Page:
The Washington PostDemocracy Dies in Darkness

The Texas governor who refused to concede after losing a bitter election

Texas Gov. Edmund J. Davis, date unknown, left; and Texas Gov. Richard Coke, circa 1870-1880. (Texas State Historical Association; Library of Congress)

The incumbent refused to concede. He had lost reelection, by a lot, but he claimed it was only because of election fraud. He appealed his case to the courts and called on militias to defend him.

No, this is not a story about President Trump, who still hasn’t publicly acknowledged his defeat in the election nearly two weeks ago. This is a story about a Texas governor who barricaded himself in the governor’s office and refused to give up control.

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When Edmund J. Davis started out in politics in the 1850s, he was Whig. Then he became a Democrat. When the Civil War gripped the country, Davis — like then-Gov. Sam Houston — opposed secession. He led a cavalry regiment for the Union during the war, fighting all over the South and witnessing Confederate Gen. Edmund Kirby Smith’s surrender in Texas.

Davis’s wife and children were treated badly by Confederates, and Davis himself had narrowly escaped lynching only by the intervention of Mexico, according to historian and Davis biographer Carl Moneyhon. So when state constitutional conventions were held in 1866 and 1868 to 1869, Davis showed up with some personal and political bones to pick.

Now a Radical Republican representing the border region, Davis worked to block ex-Confederates (largely Democrats) from political power and expand voting rights to Black Texans. In 1869, he defeated a fellow Republican in the race for governor.

For a long time, Davis was depicted as a typical “scalawag,” a derisive term for White Southerners who became Republicans during the Reconstruction era, supposedly out of self-interest. Moneyhon’s biography restores Davis’s reputation somewhat, pointing out he started public schooling in the state, stood up to police forces and further expanded civil rights for newly freed Black people.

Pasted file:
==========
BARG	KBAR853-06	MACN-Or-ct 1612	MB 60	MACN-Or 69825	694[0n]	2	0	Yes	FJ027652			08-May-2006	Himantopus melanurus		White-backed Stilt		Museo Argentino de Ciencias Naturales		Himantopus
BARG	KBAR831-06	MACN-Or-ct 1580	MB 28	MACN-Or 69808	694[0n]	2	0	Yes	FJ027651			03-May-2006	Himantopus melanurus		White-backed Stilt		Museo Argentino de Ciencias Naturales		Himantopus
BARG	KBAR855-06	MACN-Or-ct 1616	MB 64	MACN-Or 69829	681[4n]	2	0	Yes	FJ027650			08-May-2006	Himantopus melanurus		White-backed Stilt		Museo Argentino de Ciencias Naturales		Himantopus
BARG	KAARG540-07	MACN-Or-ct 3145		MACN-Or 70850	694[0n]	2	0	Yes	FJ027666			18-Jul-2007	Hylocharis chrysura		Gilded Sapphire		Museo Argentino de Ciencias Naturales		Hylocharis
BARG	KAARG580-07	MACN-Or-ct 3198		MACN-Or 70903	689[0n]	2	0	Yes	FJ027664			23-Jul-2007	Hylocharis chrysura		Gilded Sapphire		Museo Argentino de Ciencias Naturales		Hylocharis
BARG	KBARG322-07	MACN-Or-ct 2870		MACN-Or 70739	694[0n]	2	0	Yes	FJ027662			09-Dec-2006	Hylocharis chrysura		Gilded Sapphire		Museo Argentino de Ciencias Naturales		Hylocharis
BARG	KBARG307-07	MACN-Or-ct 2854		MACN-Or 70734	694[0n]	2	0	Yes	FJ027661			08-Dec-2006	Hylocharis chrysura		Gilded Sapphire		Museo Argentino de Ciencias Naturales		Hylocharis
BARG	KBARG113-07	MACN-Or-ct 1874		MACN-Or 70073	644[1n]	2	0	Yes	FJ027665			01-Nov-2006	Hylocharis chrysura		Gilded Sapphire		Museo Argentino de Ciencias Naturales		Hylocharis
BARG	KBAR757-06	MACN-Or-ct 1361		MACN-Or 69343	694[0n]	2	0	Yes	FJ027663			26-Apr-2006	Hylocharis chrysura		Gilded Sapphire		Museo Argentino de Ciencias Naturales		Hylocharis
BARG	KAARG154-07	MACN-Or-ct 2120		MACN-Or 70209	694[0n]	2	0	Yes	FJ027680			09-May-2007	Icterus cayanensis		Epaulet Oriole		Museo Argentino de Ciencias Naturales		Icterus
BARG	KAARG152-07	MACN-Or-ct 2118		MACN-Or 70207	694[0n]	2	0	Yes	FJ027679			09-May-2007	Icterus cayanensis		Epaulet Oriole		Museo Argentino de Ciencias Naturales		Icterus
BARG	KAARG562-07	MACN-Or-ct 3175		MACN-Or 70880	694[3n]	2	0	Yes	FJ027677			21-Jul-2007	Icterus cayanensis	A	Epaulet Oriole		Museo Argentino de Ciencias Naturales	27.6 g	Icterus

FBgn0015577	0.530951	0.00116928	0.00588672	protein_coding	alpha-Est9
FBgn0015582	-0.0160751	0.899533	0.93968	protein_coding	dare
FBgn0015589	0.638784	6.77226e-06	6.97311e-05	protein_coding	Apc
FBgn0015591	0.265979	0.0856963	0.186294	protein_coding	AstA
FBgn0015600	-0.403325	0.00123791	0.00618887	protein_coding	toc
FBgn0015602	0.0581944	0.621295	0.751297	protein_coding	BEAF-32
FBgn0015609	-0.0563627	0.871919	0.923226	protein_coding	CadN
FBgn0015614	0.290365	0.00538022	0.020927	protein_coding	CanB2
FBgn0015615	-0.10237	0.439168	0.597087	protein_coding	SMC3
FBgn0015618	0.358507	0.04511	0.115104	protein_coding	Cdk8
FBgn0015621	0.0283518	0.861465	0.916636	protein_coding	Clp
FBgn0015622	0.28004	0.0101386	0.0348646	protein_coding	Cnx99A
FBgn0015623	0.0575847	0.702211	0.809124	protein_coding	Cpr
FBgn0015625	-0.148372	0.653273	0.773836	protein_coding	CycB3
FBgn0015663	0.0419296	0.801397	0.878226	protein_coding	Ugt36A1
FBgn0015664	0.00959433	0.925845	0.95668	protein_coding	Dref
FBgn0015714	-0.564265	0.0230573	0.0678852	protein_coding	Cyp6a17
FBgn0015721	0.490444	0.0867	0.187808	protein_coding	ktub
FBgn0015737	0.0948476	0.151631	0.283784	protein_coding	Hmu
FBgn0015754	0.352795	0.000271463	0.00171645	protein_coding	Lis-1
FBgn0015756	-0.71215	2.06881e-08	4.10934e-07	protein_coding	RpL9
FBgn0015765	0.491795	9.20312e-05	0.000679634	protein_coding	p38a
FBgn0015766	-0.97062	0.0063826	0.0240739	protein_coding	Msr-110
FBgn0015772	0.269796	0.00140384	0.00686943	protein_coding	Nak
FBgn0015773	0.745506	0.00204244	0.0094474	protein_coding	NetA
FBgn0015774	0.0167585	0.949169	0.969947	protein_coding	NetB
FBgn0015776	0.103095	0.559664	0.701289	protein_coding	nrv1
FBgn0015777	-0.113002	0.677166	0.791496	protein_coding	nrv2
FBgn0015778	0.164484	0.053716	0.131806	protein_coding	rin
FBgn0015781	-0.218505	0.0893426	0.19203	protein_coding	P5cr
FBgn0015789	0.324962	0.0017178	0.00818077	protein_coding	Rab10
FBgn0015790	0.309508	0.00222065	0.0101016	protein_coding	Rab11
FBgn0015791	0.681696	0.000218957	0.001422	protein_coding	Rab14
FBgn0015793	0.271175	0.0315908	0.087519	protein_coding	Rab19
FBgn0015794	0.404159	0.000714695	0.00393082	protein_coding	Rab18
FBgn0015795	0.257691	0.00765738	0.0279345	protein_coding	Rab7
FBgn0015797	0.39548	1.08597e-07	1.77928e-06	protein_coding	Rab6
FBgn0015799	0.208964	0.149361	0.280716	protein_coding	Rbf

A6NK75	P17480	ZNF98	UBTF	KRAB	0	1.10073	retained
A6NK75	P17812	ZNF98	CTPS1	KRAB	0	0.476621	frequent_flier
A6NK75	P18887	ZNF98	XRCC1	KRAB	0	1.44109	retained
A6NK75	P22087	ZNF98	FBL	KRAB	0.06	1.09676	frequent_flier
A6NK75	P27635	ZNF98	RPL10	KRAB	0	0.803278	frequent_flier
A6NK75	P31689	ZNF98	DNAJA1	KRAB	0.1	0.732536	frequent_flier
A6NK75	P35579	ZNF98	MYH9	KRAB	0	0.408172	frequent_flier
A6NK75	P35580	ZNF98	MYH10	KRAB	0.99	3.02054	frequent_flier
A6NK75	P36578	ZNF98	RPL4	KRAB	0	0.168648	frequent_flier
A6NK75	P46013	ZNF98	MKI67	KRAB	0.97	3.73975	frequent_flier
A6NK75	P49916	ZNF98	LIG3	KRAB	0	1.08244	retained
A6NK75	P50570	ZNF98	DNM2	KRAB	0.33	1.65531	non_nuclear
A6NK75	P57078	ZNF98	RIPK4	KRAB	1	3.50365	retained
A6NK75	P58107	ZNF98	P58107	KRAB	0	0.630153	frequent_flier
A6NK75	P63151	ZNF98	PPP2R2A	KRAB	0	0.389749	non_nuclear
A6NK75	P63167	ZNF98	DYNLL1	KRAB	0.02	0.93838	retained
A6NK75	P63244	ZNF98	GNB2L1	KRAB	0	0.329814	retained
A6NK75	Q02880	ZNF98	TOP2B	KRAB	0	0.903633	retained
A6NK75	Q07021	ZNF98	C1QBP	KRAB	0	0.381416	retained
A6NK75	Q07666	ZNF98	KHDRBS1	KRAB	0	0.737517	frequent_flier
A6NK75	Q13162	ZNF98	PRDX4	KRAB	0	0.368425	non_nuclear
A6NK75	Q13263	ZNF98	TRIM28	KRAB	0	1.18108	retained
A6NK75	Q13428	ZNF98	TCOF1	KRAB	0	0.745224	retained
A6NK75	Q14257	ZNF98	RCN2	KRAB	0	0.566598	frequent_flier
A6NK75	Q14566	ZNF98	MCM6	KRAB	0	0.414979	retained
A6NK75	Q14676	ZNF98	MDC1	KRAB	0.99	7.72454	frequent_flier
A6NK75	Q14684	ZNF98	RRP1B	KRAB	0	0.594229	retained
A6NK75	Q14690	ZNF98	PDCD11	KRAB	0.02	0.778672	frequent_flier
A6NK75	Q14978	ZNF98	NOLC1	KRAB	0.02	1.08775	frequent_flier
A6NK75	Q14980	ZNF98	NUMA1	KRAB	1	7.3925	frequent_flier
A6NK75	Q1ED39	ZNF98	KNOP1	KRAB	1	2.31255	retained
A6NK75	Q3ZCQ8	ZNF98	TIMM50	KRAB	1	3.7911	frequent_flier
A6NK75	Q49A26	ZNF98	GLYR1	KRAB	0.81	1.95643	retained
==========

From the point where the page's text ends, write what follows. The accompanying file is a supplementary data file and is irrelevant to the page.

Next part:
When he ran for reelection in December 1872, ex-Confederates had regained the right to vote, and Davis got a Democratic opponent, Richard Coke. Voter intimidation, fraud and other irregularities occurred on both sides, to what degree is unclear. When Davis lost by a margin of 2 to 1, he declared the entire election invalid. The Texas Supreme Court agreed, but Democrats declared that, actually, the court was invalid.

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In mid-January 1873, Coke arrived in Austin to assume the governorship. Davis locked himself inside the governor’s office in the Texas Capitol building; Coke and his supporters took over the second floor, where he took the oath of office.

For two days, there were two governors. Armed supporters for both men paced the streets, and violence seemed inevitable.

If Trump refuses to leave on Inauguration Day, as some have feared, President-elect Joe Biden’s campaign has said the government “is perfectly capable of escorting trespassers out of the White House.” That isn’t far off from what happened to Davis. When he summoned a local militia to protect him, it sided with Coke instead.

Davis then begged President Ulysses S. Grant, a fellow Republican, to send in federal troops. On Jan. 17 came Grant’s reply: No federal troops, and “Would it not be prudent, as well as right, to yield to the verdict of the people as expressed by their ballots?”

Davis gave up, effectively ending Reconstruction in Texas. There wouldn’t be another Republican governor until party realignment 100 years later. But on his way out, he locked the door to the governor’s office and took the keys with him. Coke’s supporters busted it open with an ax.


A previous version of this story misattributed a quote President-elect Joe Biden. It was from his campaign.

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